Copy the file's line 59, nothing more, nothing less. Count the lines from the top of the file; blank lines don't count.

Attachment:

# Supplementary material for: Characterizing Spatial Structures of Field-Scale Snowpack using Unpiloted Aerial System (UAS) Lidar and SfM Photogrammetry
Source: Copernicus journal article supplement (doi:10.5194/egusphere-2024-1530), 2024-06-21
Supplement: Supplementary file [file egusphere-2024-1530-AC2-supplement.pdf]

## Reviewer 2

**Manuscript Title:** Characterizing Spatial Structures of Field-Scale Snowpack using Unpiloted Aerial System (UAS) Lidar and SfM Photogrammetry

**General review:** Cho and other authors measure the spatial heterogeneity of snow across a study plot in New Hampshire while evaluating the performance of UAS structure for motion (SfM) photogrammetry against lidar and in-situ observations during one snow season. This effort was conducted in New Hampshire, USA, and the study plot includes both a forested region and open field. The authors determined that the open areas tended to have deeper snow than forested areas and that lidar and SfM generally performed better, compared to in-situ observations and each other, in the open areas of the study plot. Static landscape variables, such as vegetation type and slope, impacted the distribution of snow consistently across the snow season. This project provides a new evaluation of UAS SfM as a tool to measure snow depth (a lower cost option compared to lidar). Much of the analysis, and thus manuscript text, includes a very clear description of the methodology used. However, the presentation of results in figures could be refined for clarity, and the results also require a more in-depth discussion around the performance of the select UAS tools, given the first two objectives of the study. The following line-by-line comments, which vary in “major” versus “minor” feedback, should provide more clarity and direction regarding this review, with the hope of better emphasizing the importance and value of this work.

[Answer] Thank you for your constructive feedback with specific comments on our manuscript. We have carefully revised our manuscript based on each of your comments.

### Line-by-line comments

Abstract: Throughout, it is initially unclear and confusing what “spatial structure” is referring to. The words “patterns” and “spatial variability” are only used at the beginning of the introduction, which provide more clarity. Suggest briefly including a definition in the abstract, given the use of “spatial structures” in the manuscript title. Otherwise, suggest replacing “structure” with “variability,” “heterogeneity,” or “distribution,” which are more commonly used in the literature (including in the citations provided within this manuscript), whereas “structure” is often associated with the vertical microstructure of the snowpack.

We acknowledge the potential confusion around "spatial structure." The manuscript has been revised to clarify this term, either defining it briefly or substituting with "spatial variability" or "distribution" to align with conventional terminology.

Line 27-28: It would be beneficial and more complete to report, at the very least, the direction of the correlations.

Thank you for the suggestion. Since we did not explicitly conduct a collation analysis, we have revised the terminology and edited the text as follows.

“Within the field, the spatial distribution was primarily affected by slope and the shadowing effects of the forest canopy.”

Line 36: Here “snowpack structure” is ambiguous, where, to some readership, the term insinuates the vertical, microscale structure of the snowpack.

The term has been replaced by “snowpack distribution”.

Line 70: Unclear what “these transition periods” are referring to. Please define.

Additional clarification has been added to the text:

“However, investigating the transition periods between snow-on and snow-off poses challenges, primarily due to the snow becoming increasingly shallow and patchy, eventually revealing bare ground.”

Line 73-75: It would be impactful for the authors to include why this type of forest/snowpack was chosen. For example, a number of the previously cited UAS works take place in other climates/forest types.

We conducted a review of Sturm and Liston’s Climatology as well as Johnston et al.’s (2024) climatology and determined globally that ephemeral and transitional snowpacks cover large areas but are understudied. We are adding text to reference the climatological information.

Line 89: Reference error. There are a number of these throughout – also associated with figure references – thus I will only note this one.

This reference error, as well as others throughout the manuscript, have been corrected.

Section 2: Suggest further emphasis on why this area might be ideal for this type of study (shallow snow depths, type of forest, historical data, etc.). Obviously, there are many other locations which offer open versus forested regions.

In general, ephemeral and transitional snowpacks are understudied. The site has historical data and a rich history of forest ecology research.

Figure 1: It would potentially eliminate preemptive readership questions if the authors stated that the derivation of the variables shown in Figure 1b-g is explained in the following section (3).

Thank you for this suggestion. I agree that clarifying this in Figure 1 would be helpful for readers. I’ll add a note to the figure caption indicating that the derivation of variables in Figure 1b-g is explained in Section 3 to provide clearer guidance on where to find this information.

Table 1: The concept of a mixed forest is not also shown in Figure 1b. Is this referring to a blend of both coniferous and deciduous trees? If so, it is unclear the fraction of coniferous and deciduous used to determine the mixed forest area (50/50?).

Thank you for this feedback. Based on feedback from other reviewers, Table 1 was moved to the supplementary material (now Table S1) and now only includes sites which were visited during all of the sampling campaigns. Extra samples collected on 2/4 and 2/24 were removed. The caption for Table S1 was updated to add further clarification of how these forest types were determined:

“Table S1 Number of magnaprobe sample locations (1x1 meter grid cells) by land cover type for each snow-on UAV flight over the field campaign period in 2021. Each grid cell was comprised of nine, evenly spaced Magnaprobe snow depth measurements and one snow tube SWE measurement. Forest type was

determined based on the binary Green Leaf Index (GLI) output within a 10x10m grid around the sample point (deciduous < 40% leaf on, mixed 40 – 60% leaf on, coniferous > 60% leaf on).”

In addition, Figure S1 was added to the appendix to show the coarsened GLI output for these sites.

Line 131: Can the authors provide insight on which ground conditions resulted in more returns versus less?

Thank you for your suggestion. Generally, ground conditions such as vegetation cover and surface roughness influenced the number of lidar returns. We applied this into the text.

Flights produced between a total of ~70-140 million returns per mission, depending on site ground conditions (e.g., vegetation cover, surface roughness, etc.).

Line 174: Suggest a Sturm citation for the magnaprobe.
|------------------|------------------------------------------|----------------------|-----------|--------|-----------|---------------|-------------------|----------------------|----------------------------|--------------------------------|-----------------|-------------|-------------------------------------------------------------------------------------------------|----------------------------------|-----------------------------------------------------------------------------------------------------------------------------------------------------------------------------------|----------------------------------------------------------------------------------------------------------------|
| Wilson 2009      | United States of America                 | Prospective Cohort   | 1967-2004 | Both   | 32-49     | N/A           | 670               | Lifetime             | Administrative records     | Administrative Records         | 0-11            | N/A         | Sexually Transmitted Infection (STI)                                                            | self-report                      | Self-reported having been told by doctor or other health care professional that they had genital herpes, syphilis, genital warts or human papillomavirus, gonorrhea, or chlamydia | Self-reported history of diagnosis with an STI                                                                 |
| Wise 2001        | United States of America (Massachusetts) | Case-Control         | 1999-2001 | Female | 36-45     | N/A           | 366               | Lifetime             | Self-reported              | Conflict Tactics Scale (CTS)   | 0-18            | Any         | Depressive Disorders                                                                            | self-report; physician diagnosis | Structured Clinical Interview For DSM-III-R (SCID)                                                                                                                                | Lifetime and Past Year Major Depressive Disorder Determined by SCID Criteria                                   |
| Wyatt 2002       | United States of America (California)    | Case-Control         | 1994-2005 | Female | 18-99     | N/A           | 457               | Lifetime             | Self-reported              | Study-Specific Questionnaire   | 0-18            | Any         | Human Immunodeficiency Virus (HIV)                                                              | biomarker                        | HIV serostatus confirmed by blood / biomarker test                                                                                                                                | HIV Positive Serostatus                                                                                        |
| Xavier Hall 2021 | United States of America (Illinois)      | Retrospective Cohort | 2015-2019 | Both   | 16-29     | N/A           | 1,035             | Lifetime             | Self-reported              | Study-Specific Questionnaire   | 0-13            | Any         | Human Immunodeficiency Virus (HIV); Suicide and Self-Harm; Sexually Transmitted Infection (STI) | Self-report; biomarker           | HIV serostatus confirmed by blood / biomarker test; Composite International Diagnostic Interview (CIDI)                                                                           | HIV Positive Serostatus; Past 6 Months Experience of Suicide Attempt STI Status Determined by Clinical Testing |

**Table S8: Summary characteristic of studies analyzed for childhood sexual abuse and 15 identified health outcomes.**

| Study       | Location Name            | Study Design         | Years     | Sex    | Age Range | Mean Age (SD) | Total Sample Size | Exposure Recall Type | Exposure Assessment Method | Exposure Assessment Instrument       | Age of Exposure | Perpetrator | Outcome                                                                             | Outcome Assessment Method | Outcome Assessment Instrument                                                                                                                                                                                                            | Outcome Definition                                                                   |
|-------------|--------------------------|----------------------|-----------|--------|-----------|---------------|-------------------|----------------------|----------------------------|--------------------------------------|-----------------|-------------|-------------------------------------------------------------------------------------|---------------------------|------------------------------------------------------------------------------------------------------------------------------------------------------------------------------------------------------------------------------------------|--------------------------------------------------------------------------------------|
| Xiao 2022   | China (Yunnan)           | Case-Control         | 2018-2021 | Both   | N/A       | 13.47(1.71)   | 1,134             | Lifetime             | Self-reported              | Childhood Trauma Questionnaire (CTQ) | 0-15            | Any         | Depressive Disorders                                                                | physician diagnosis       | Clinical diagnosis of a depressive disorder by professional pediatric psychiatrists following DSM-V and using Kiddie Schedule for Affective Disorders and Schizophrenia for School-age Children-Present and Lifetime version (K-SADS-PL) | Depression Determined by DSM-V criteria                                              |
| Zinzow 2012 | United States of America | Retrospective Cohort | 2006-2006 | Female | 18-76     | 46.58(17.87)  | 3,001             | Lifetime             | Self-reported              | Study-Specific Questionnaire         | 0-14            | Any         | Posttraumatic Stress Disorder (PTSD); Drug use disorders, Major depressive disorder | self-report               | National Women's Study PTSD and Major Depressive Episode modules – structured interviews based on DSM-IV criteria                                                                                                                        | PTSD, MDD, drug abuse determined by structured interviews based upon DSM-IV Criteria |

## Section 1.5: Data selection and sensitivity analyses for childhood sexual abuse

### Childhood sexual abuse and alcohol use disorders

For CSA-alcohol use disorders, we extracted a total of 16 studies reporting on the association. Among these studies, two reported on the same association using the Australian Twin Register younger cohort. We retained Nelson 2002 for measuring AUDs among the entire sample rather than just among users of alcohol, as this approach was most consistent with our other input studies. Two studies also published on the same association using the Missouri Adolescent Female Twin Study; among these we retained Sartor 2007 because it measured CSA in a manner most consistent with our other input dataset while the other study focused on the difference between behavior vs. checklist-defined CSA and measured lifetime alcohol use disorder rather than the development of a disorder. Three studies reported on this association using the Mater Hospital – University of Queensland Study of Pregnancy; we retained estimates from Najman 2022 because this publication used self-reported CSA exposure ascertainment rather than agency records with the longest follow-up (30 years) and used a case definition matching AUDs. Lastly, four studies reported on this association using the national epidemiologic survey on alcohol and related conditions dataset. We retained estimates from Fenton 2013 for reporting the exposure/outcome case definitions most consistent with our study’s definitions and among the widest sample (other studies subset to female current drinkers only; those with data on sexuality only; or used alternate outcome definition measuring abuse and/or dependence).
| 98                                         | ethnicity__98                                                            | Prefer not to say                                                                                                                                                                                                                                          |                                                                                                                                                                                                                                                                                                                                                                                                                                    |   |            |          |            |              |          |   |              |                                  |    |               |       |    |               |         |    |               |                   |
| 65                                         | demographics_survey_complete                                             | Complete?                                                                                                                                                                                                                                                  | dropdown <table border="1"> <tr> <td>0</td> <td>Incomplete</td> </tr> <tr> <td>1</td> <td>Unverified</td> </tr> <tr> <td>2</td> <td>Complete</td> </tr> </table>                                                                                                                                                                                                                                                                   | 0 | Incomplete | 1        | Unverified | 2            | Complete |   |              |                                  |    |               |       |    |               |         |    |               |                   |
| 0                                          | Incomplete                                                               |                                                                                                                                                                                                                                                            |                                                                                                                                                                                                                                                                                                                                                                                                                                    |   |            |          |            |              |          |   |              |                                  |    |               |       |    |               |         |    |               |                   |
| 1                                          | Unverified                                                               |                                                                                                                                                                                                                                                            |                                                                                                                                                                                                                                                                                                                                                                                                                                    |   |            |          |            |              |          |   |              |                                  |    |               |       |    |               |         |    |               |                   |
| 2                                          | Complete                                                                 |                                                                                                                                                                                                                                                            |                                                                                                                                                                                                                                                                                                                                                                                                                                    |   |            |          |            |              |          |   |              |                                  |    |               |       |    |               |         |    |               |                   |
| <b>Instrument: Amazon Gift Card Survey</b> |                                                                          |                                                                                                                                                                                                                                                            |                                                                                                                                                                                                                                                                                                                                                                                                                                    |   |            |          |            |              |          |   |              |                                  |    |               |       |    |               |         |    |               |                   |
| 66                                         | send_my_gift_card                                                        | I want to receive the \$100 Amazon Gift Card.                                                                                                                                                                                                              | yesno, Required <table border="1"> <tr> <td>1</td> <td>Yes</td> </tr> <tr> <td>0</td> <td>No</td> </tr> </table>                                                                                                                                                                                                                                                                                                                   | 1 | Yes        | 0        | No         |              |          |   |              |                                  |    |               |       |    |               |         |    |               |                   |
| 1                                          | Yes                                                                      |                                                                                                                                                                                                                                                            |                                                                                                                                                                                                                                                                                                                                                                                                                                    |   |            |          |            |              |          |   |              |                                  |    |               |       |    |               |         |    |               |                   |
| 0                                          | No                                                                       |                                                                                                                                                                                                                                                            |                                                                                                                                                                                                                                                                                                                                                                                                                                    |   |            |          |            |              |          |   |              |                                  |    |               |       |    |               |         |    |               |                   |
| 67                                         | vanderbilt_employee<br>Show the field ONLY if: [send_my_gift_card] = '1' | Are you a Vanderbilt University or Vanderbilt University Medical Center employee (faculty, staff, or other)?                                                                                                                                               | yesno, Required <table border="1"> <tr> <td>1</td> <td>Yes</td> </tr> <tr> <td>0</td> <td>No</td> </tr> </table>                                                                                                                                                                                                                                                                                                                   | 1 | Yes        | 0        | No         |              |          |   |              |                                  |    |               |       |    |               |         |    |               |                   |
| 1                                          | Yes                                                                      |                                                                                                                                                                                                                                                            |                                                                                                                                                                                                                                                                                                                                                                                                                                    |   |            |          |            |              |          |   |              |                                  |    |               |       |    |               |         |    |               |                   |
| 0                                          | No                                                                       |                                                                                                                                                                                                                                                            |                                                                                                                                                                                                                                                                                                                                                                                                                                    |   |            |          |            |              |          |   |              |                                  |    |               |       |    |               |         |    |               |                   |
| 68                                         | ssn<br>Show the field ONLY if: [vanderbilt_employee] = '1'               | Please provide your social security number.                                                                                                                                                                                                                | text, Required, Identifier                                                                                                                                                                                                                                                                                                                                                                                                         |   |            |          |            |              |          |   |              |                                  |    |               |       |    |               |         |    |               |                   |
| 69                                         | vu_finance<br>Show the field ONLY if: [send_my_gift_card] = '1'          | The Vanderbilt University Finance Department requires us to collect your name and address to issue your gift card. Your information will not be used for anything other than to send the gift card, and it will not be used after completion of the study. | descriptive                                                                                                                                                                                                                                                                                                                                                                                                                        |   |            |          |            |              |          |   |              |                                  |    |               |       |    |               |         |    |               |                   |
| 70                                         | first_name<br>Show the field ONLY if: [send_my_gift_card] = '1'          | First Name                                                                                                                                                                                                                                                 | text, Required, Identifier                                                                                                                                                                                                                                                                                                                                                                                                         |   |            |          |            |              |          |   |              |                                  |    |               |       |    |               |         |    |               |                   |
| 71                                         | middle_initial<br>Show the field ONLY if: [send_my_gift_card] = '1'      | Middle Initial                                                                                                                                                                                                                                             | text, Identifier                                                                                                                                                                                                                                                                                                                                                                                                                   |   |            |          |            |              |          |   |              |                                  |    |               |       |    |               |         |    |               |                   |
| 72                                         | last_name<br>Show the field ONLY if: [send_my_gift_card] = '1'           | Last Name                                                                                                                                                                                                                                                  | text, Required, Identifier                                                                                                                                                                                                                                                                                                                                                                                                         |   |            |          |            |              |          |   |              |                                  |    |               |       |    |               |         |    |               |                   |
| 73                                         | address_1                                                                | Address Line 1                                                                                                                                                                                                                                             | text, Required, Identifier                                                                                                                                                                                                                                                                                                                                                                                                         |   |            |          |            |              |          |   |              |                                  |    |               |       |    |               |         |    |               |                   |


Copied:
| 1                                          | Yes                                                                      |                                                                                                                                                                                                                                                            |                                                                                                                                                                                                                                                                                                                                                                                                                                    |   |            |          |            |              |          |   |              |                                  |    |               |       |    |               |         |    |               |                   |